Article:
Healing The Addicted Brain

2,148 views

Published on

Information and overview of important content of Harold Urschel's book: Healing the Addicted Brain: The Revolutionary, Science-Based Alcoholism and Addiction Recovery Program

0 Comments
6 Likes
Statistics
Notes
  • Be the first to comment

No Downloads
Views
Total views
2,148
On SlideShare
0
From Embeds
0
Number of Embeds
8
Actions
Shares
0
Downloads
36
Comments
0
Likes
6
Embeds 0
No embeds

No notes for slide

Healing The Addicted Brain

  1. 1. 1 Healing the Addicted Brain A book By: Harold C. Urschel, M.D.
  2. 2. 2 Overview  Excellent reference book for our clients  Easy to read  Probably too basic for most clinicians  Excellent checklists, worksheets (Maybe helpful for ERG and IOP)  Excellent website www.enterhealth.com/healingtheaddictedbrain
  3. 3. 3 Contents 1. It’s a Disease! 2. Changing Your Thoughts from Pro- Addiction to Pro-Recovery 3. Combating Triggers and Cravings 4. Medications to Initiate Recovery and Help Maintain Sobriety 5. Your 12-Step Recovery Program 6. Dealing with Difficult Emotions
  4. 4. 4 Contents 7. Dealing with Dual Diagnosis 8. The Recovering Family 9. Lapse and Relapse 10. Health and Nutrition in Recovery 11. Regaining Enjoyment and Pleasure 12. True Recovery – Maintaining Your Goals
  5. 5. 5 It’s a Disease!  A long-term illness caused by measurable physical damage to the brain  Nice graphic of a damaged brain  Suggests that it takes 6-10 months of sobriety before significant brain repair  Talk therapy helps correct problems caused in the prefrontal cortex (planning, reasoning, regulating drives)
  6. 6. 6 It’s a Disease!  Need medication to correct problems in the limbic system (emotional drive, and memory pathways and urges/cravings)  The new anti-addiction medicines are designed to rebalance the brain’s biochemistry  Use of these medicines enhance ability to focus on and benefit from therapy and 12-step programs
  7. 7. 7 Changing Thoughts from Pro-Addiction to Pro-Recovery  The addicted brain is full of distorted and irrational thoughts  Harmful thoughts trigger negative emotions which trigger pro-addiction behaviors  List of pro-addiction thoughts (e.g., “I can’t get through this without a drink.”)  Worksheets to assess one’s pro-addiction thoughts and substitute healthy thoughts
  8. 8. 8 Changing Thoughts from Pro-Addiction to Pro-Recovery The six-question test of thought accuracy: 1. What concrete factual evidence supports this thought? 2. Are there other ways I could view this situation? 3. What is the worst thing that could happen? 4. What is the best thing that could happen? 5. What is most likely to happen? 6. Is this thought inaccurate?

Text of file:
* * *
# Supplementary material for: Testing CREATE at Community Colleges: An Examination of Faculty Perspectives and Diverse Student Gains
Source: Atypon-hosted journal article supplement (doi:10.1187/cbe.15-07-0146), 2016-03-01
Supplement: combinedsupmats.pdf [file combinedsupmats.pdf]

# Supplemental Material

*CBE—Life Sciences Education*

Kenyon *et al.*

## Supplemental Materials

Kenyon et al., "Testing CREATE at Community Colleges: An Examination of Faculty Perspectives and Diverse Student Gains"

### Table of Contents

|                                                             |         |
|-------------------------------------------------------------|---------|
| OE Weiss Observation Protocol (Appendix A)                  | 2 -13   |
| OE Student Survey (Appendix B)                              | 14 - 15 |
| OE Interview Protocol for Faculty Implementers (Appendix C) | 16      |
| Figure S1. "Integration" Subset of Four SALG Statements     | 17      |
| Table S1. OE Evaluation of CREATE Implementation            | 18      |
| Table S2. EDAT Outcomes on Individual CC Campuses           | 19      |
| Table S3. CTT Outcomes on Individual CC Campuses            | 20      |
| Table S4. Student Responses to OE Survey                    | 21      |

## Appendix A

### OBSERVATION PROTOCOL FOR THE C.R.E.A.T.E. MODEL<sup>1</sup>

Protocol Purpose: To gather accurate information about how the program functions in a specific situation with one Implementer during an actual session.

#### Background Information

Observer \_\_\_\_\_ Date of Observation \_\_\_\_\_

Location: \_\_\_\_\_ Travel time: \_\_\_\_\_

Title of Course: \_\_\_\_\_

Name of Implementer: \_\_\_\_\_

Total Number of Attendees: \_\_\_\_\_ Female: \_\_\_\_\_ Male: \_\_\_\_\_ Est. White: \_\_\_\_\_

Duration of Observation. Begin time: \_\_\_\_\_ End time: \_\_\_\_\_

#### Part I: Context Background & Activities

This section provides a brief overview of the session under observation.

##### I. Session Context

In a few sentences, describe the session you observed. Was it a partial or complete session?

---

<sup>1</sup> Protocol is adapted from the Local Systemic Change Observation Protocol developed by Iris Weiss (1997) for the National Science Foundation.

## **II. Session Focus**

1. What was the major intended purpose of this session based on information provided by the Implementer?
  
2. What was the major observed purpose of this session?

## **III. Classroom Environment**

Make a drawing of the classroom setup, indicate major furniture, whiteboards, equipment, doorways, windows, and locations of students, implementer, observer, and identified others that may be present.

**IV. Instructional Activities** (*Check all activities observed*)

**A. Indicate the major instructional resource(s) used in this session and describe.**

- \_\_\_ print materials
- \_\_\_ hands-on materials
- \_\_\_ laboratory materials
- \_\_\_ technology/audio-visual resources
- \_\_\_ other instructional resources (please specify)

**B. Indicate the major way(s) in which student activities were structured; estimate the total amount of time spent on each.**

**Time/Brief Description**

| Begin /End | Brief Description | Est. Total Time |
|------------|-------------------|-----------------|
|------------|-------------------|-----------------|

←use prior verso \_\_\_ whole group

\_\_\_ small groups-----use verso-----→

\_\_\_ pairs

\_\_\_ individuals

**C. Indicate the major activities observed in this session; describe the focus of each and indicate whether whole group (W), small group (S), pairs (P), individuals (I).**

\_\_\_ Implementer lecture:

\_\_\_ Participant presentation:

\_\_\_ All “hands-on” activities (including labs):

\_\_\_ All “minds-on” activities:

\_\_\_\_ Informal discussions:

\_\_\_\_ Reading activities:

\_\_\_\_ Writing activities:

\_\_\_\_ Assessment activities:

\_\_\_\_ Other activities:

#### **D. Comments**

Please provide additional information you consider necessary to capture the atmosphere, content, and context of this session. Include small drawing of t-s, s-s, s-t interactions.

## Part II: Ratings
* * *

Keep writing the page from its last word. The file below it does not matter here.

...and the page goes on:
9. 9. 9 Combating Triggers and Cravings  The trick is learning to identify and deactivate triggers and to have a plan in place to handle cravings  A nice quiz to see how much one knows about cravings  Cravings are hardwired to the brain. When exposed to a trigger, memory and dopamine circuits are activated leading to a craving.
  10. 10. 10 Combating Triggers and Cravings  A worksheet to identify personalized triggers (i.e., people, places, times of day, activities)  A worksheet called a “Daily Trigger Chart” of situations, thoughts/feelings, behavior, pos/neg consequences
  11. 11. 11 Combating Triggers and Cravings Strategies for handling triggers Good suggestions for avoiding triggers; extinguishing triggers by not using; and crushing cravings by talking, distracting self, using flash cards, stress management techniques, and visualizing
  12. 12. 12 Addictions Medicines  Vivitrol and Campral encourages the addict to cut back on alcohol intake  Campral helps accelerate repairs to brain systems
  13. 13. 13 Addictions Medicines Vivitrol  The active ingredient is naltrexone  Naltrexone is an opiate antagonist used to treat both alcohol and opiate dependence  Works by “plugging in” to opioid receptors in brain cells thus preventing alcohol and opiate molecules from getting in.  It “jams the lock”.
  14. 14. 14 Addictions Medicines Vivitrol  Alcohol molecules cannot activate pleasure pathways and cannot trigger a high  Weakness of naltrexone is that it must be taken daily  Vivitrol is a monthly injection eliminating non-compliance